President Vladimir Putin’s government is pushing pension funds to buy more corporate bonds whether they like it or not. And many don’t.
In an effort to replace the foreign investment sapped by sanctions, Russia is guiding pension assets into companies’ bonds by halving the amount the funds can hold in banks. The reason managers say they’re stashing money in deposits is corporate bonds are just too risky for their retirement savers.
“We’re sure the state would save banks in case of emergency but we understand that it won’t be able to protect us from facing corporate defaults if the economic situation worsens,” Natalya Chuykova, who helps manage the equivalent of $1.3 billion of pension assets as a vice president at OAO Elektroenergetiki in Moscow, said by phone on Friday.
The reluctance from pension managers underscores wider caution about investing even in Russian companies untouched by U.S.-led sanctions as lower crude prices send the oil-export dependent economy into recession. Corporate yields soared as much as 9 percentage points amid the ruble’s collapse last year through January, before dropping by an average 5 percentage points this year, according to a bond index compiled by Uralsib Financial Corp. in Moscow.
The government is seeking to steer flows from private pension managers to help stimulate the economy after handing back about a third of the industry’s 1.5 trillion rubles ($25 billion) of assets in the second quarter. The money had been frozen for 18 months amid the economic crisis.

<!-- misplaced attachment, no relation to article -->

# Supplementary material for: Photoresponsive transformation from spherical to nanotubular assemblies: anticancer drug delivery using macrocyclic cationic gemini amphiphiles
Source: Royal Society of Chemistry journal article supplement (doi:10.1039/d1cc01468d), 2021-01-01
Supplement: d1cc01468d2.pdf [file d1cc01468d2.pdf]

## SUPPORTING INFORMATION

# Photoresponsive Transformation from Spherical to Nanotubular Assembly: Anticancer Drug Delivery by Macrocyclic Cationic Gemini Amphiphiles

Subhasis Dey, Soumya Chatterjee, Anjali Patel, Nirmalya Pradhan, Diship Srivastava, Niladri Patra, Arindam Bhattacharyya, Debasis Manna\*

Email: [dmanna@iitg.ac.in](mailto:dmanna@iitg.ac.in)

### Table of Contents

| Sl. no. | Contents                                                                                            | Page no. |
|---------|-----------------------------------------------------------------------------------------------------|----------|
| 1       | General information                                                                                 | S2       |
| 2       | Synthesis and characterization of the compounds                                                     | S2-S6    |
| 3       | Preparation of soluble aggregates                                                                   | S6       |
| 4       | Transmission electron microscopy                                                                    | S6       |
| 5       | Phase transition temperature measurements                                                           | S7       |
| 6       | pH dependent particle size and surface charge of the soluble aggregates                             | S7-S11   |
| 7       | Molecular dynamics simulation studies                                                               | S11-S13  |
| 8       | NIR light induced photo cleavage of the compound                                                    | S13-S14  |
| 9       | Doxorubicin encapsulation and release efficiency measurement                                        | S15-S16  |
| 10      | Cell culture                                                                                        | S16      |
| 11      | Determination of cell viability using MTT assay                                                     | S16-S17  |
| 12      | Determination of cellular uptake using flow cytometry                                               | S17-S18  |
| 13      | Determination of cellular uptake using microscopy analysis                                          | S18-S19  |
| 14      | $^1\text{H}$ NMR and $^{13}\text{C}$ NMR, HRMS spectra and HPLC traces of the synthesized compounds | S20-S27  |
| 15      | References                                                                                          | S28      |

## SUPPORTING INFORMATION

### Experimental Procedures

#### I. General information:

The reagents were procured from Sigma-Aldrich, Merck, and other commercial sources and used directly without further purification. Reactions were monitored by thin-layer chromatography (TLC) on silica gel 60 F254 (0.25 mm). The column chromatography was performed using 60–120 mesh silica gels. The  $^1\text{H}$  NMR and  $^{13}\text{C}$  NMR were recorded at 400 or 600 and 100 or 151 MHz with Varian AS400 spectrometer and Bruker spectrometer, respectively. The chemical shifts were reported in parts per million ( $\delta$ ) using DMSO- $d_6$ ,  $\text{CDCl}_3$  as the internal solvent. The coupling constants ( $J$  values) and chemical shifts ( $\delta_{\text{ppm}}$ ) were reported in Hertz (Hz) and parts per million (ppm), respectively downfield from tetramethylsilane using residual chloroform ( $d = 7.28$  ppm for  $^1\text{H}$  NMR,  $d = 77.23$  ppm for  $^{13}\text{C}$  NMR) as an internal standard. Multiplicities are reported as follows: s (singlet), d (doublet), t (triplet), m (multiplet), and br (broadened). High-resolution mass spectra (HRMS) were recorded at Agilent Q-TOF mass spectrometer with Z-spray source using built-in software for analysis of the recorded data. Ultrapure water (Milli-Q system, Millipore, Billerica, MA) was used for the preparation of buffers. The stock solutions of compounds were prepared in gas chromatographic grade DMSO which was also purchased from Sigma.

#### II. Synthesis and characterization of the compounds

Russian companies should rely on funding from pension funds, rather than asking for the state for help, Interfax reported July 7, citing a meeting of OAO Russian Railways and pension funds chaired by Deputy Economy Minister Nikolay Podguzov.
The Finance Ministry said in a letter to pension funds it will investigate by the end of August what portion of the retirement assets returned to private pension funds in May and June was invested in corporate bonds and stocks, RBC newswire reported July 21.
The funds’ investments in banks -- whether deposits, bonds or shares -- will be capped at 40 percent from 2016, compared with 80 percent at the beginning of this year, under central-bank regulations.
One problem with the corporate-bond market, say pension-fund managers, is that the best quality companies aren’t issuing. About 40 percent of the 323 billion rubles of bonds sold in May and June were from companies with junk credit ratings below the minimum required level for pension funds of BB-. About half of the bonds were issued by banks, according to Denis Poryvay, an analyst at AO Raiffeisenbank in Moscow.
The amount of new ruble issues from start of May though last week declined to 459 billion rubles compared with 482 billion rubles last year, data compiled by Bloomberg show.
While pension funds would be eager buyers of infrastructure bonds, the market has yet to develop to the level where money managers can have confidence in a “clear and guaranteed cash flow,” Nikolay Sidorov, the chief executive officer for JSC Future private pension fund in Moscow, a unit of O1 Group, said by e-mail earlier this month.
“At the moment, it’s wrong to invest in the financial market,” Evgeny Yakushev, the chairman of JSC European Pension Fund, which manages the equivalent of $1 billion in assets, said in an interview in Moscow earlier this month. “It’s better to wait it out in assets that won’t fall much due to the fluctuations.”
For more, read this QuickTake: Financial War